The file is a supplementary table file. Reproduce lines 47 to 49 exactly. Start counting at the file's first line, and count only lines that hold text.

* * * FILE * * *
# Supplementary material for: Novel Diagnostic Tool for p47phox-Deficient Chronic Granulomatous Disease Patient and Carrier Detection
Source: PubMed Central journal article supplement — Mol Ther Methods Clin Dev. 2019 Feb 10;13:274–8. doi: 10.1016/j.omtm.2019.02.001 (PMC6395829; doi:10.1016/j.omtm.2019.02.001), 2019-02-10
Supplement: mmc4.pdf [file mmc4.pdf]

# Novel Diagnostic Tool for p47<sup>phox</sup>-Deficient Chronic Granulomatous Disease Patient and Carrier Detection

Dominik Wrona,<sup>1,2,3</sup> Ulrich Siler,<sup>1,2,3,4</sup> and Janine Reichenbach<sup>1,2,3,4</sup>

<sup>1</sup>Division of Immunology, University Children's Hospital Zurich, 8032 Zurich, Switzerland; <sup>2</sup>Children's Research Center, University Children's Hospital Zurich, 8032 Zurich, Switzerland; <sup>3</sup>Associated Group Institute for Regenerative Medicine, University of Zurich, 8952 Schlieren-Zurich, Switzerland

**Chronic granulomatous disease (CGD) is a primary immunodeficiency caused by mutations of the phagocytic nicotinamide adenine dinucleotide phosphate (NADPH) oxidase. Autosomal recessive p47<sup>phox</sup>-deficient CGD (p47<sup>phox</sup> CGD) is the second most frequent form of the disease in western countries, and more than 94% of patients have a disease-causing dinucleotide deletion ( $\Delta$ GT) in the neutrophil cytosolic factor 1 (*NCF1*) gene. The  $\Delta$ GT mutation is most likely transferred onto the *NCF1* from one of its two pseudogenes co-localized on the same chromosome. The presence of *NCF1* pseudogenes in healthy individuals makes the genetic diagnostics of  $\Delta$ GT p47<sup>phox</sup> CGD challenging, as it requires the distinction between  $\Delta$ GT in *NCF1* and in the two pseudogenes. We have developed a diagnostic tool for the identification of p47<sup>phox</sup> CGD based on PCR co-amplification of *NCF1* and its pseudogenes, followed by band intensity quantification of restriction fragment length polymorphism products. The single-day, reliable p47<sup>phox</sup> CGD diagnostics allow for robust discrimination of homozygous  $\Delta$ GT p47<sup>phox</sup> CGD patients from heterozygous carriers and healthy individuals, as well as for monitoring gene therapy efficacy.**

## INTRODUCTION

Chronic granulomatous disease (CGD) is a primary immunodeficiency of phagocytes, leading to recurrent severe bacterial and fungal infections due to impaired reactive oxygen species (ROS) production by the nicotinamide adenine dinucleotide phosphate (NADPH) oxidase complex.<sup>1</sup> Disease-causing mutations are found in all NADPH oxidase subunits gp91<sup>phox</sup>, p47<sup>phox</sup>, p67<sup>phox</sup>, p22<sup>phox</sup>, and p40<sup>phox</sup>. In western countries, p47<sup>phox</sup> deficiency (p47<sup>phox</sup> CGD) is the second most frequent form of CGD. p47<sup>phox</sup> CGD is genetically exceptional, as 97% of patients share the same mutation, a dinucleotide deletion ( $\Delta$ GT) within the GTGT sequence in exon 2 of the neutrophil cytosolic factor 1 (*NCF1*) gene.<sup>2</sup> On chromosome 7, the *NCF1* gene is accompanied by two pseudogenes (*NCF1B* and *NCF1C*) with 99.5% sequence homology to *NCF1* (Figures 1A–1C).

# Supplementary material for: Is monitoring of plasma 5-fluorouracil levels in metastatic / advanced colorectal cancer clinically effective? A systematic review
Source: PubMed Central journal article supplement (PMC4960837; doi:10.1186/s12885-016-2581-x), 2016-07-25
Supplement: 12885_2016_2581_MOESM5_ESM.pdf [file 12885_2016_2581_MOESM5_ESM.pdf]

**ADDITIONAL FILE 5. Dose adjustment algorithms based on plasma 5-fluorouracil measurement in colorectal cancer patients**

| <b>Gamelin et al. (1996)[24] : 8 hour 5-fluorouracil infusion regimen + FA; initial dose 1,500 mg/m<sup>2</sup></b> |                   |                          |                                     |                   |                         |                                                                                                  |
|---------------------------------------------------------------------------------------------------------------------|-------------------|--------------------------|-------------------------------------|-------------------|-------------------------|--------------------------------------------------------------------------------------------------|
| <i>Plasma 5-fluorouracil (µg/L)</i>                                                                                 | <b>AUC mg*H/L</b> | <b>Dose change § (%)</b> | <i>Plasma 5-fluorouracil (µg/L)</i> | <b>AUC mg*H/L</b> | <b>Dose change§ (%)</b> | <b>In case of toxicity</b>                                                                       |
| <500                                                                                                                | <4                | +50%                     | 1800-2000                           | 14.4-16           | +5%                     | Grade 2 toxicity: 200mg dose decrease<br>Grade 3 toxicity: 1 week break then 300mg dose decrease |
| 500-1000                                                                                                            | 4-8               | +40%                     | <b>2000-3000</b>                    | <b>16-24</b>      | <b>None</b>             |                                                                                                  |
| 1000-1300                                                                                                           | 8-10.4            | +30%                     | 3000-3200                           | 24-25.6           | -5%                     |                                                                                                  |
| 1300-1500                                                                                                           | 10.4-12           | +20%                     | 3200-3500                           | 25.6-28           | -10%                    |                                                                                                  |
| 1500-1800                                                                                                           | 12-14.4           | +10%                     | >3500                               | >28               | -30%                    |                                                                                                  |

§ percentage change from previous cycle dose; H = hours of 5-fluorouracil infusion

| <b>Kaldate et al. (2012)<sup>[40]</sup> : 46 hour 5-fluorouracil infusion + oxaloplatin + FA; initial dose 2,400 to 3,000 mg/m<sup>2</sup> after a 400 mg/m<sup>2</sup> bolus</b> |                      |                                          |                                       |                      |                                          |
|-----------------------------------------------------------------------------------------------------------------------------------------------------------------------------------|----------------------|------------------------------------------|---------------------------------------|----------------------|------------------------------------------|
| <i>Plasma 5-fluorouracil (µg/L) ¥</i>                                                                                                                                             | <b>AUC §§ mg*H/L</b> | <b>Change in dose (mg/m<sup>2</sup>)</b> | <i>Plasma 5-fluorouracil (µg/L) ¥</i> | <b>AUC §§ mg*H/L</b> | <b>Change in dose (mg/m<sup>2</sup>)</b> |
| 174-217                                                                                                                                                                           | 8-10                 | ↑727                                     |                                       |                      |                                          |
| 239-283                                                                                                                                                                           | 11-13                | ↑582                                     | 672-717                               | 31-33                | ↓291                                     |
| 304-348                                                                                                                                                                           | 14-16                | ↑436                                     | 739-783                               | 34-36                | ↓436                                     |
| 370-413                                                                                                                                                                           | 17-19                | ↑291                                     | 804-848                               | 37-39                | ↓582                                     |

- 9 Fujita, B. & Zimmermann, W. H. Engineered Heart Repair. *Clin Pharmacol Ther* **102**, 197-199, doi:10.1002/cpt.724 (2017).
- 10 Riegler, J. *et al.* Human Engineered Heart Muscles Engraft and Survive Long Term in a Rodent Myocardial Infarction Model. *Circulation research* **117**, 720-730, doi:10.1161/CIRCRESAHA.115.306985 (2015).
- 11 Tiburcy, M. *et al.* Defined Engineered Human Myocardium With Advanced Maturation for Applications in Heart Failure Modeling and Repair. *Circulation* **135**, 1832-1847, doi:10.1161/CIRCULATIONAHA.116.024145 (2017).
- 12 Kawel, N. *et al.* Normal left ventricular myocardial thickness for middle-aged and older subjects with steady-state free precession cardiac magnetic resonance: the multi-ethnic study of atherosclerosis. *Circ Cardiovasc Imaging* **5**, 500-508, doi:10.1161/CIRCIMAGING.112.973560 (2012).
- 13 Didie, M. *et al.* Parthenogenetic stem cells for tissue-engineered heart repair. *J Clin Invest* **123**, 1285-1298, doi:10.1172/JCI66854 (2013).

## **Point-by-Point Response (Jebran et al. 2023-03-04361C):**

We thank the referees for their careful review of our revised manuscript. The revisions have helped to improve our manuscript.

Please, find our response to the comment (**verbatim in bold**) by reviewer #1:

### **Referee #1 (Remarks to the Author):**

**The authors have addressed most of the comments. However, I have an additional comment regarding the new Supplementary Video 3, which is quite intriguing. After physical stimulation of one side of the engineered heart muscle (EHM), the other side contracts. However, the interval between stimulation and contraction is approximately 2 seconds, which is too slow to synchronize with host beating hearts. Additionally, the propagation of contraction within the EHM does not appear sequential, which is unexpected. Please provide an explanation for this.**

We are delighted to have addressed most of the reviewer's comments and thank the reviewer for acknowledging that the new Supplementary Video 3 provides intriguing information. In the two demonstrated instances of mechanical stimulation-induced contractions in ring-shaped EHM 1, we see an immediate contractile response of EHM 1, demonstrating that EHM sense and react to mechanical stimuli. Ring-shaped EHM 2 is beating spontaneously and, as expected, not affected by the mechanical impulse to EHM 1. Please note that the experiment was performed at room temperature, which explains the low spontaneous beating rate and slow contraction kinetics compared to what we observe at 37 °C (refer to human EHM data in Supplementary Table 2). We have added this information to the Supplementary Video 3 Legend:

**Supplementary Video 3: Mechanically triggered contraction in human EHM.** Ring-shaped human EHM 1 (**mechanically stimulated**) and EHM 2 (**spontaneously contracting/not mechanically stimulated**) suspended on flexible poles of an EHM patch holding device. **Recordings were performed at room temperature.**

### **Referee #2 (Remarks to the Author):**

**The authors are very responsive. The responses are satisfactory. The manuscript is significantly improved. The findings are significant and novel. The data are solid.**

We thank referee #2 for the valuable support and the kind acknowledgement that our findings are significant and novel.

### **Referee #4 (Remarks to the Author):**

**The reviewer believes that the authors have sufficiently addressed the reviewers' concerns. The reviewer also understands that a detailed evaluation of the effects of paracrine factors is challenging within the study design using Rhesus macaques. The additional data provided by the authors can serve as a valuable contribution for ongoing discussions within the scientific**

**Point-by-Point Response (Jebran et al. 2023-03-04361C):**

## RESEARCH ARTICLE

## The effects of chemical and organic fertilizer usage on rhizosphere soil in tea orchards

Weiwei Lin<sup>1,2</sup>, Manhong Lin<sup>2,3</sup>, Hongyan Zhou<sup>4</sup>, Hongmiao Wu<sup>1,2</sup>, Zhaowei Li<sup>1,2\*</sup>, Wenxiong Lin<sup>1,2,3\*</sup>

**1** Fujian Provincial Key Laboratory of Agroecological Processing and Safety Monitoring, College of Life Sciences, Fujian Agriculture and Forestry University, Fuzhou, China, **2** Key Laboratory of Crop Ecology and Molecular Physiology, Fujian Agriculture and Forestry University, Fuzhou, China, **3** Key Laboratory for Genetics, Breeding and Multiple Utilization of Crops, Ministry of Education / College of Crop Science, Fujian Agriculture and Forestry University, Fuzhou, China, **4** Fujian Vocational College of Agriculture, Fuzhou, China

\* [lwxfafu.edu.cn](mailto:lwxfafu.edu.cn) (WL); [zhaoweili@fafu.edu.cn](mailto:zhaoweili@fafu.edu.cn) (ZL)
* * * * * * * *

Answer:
**Point-by-Point Response (Jebran et al. 2023-03-04361C):**

## RESEARCH ARTICLE

## The effects of chemical and organic fertilizer usage on rhizosphere soil in tea orchards